Detroit City Council member Monica Conyers has been repeatedly the subject of scathing media articles regarding physical and verbal attacks on her critics, here and here and here. She is now facing a corruption probe after being identified as the alleged “Council Member A” in a federal investigation who accepted more than $6000 for a vote on a sludge contract.
The federal investigators are looking into how Houston-based Synagro Technologies won a $47 million-a-year contract to recycle sludge from a wastewater treatment plant.
Synagro contractor and local businessman Rayford Jackson testified that he gave more than $6,000 to Council Member A. Notably, he said the first $3000 payment was given on Nov. 20, 2007, the same day Conyers joined with the majority in approving the Synagro deal 5-4. The rest of the money was allegedly passed over in a McDonald’s parking lot. There may be more money involved. The Associated Press says that “in a separate matter” “an intermediary” for the company passed $5,000 to $8,000 to Council Member A for a March vote.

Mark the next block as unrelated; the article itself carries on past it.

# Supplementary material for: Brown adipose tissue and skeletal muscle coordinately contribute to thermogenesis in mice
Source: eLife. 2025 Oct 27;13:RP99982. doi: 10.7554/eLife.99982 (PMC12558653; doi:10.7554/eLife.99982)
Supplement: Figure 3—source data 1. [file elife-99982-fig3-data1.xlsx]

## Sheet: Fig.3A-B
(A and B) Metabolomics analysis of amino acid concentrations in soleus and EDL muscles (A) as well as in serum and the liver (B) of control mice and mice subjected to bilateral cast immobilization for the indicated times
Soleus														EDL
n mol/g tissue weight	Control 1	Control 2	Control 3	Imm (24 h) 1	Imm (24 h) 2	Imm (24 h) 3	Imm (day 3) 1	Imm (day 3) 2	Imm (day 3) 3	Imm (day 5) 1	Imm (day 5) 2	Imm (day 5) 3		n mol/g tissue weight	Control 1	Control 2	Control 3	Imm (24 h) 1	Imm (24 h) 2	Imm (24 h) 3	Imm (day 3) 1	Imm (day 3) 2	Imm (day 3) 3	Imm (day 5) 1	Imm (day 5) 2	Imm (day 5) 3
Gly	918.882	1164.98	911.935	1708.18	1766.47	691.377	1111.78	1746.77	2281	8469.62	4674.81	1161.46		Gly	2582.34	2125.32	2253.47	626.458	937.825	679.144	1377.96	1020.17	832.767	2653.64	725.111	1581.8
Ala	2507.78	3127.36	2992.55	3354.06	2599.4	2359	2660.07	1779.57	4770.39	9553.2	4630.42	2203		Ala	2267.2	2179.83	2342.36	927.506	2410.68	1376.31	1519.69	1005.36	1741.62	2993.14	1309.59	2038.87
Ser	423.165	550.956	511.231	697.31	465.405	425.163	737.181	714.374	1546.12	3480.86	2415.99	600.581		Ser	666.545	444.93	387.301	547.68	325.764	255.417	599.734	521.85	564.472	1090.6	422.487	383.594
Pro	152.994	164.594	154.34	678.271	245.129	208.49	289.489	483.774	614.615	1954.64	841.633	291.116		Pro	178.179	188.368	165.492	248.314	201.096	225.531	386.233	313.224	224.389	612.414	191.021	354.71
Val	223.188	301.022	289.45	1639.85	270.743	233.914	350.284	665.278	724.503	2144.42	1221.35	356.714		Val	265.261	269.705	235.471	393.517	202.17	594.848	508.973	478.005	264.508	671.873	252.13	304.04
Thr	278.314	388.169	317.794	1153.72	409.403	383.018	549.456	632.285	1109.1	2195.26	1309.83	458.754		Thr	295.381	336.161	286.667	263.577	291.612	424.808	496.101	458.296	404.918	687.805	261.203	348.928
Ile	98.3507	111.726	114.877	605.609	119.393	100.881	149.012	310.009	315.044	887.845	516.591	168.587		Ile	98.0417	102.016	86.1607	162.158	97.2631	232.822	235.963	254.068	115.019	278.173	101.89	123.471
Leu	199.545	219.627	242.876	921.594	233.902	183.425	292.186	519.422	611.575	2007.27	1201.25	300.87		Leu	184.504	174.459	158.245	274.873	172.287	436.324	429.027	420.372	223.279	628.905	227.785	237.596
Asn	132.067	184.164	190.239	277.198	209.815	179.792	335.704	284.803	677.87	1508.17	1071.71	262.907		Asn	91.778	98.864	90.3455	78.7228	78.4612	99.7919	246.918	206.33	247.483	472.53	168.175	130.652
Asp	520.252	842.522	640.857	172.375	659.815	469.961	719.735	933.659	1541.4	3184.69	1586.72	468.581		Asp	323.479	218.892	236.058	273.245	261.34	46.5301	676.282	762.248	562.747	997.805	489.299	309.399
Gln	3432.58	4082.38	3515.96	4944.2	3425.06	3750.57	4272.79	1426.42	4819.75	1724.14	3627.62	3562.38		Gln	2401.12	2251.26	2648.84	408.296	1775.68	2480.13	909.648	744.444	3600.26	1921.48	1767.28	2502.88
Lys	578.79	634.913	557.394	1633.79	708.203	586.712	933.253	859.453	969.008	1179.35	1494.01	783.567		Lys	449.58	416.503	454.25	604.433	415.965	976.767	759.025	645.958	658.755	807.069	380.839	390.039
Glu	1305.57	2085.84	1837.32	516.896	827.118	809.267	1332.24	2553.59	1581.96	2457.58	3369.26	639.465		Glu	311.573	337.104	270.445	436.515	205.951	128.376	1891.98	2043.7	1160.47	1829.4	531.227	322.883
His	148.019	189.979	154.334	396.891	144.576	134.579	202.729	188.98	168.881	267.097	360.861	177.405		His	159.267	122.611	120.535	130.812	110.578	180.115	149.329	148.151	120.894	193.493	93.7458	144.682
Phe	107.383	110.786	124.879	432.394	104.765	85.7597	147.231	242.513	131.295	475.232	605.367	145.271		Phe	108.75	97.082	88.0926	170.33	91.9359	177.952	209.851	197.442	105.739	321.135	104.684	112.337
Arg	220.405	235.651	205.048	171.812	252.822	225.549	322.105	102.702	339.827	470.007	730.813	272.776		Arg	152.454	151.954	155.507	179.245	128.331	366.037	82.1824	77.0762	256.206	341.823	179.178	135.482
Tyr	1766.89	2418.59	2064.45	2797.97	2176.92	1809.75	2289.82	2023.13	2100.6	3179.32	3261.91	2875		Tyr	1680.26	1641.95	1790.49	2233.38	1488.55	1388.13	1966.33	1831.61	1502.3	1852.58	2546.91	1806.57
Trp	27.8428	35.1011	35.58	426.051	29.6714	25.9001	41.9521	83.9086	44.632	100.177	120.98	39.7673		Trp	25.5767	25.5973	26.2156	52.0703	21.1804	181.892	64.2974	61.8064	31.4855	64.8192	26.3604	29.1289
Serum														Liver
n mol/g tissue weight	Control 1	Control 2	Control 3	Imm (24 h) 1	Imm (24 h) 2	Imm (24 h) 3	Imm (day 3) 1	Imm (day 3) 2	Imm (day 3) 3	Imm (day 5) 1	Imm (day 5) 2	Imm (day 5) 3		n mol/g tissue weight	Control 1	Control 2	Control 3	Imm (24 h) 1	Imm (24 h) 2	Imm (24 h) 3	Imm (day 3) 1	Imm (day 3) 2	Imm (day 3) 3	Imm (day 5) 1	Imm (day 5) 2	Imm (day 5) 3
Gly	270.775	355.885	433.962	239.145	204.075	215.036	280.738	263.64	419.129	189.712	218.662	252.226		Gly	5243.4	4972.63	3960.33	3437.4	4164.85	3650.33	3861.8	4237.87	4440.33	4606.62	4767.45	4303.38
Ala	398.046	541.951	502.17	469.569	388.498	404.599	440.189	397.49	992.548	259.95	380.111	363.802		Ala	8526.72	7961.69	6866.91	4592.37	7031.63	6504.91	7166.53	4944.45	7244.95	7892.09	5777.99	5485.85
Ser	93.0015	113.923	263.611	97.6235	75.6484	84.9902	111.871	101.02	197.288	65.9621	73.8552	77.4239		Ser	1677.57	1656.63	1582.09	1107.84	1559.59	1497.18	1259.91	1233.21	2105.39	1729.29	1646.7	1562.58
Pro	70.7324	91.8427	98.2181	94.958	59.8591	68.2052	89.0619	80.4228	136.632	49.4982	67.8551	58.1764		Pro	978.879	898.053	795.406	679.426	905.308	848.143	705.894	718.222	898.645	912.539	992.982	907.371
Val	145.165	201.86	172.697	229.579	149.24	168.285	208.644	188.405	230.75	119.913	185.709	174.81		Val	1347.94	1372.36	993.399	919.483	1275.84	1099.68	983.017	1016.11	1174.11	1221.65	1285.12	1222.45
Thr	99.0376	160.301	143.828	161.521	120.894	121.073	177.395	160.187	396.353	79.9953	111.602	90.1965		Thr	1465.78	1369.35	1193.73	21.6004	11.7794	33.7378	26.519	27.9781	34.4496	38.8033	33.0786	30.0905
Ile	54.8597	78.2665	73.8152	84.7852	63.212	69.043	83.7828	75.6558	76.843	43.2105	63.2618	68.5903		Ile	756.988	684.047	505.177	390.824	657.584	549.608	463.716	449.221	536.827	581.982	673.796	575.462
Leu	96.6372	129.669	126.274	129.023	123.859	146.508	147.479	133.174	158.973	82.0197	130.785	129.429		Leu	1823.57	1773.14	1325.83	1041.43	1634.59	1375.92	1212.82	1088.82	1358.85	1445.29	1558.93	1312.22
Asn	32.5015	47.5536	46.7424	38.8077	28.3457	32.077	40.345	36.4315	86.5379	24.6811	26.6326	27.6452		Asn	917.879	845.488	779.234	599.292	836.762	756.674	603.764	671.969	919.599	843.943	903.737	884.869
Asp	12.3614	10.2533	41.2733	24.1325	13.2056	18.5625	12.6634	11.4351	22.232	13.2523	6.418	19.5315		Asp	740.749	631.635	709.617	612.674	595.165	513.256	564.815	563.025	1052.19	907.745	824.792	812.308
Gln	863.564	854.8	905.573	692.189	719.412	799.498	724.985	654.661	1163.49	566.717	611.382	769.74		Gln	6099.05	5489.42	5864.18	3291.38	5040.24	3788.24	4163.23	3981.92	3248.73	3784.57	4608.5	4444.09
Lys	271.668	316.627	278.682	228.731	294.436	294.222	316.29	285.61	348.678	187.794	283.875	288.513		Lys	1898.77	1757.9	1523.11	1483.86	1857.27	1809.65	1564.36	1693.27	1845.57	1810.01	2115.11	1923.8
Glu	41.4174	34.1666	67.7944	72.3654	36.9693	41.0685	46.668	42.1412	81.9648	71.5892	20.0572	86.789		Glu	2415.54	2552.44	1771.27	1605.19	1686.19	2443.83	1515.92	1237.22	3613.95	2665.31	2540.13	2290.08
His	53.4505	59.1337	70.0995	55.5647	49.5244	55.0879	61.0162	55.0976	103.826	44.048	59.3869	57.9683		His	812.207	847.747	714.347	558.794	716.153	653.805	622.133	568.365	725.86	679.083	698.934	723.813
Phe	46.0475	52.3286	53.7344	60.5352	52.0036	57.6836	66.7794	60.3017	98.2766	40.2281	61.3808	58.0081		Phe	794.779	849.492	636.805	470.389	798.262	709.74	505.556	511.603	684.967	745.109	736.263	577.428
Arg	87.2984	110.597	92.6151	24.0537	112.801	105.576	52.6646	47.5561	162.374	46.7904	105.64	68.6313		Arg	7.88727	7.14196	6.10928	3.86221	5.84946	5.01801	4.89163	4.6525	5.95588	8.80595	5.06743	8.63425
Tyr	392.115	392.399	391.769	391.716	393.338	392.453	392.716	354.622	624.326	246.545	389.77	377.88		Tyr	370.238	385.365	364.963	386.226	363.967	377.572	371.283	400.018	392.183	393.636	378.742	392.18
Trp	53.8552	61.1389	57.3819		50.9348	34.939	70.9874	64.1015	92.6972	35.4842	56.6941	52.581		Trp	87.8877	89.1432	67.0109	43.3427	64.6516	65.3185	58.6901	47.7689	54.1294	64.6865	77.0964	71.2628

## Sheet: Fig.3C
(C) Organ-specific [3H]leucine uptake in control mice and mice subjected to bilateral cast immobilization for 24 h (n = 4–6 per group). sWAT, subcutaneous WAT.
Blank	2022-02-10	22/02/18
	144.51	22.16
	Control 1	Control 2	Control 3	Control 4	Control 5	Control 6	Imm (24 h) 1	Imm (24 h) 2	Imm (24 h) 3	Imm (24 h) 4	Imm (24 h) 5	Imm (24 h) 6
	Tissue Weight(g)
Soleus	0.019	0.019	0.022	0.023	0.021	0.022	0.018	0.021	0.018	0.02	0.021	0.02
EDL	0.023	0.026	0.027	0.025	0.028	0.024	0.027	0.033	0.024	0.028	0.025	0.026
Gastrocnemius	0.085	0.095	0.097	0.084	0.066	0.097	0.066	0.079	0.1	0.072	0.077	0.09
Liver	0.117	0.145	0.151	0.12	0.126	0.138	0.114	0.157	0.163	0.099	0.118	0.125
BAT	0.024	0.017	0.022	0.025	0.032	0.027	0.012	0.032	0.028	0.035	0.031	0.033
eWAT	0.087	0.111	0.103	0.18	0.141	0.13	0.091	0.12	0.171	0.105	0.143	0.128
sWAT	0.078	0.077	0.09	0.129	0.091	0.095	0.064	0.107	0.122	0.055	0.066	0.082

There is no allegation that Judiciary Chairman, Rep. John Conyers, D-Mich., had any role in the alleged corruption in Detroit. The City Council in Detroit has been the focus of numerous scandals and investigations in recent years.
Monica Conyers is facing reelection and used an appearance at a church to call for prayers: “All these things that are going on right now … I believe in my heart that God will deliver me from them. And so I say to all of the people out there: If you’re not praying for me, then you’re just adding to the problem.”
My favorite quote from this appearance came from Council of Baptist Pastors of Detroit & Vicinity, which met with Conyers in determining whether to support her for reelection. Rev. Oscar King, the group’s president, indicated that the group was not influenced by such alleged corruption: “As of this morning, the lady has not been indicted. We’re not passing judgment at this point because we’re being pastoral in the political process.”
I have long been a critic of religious leaders getting involved in politics. While I do not know what it means to be “pastoral in the political process,” I doubt I would like it.
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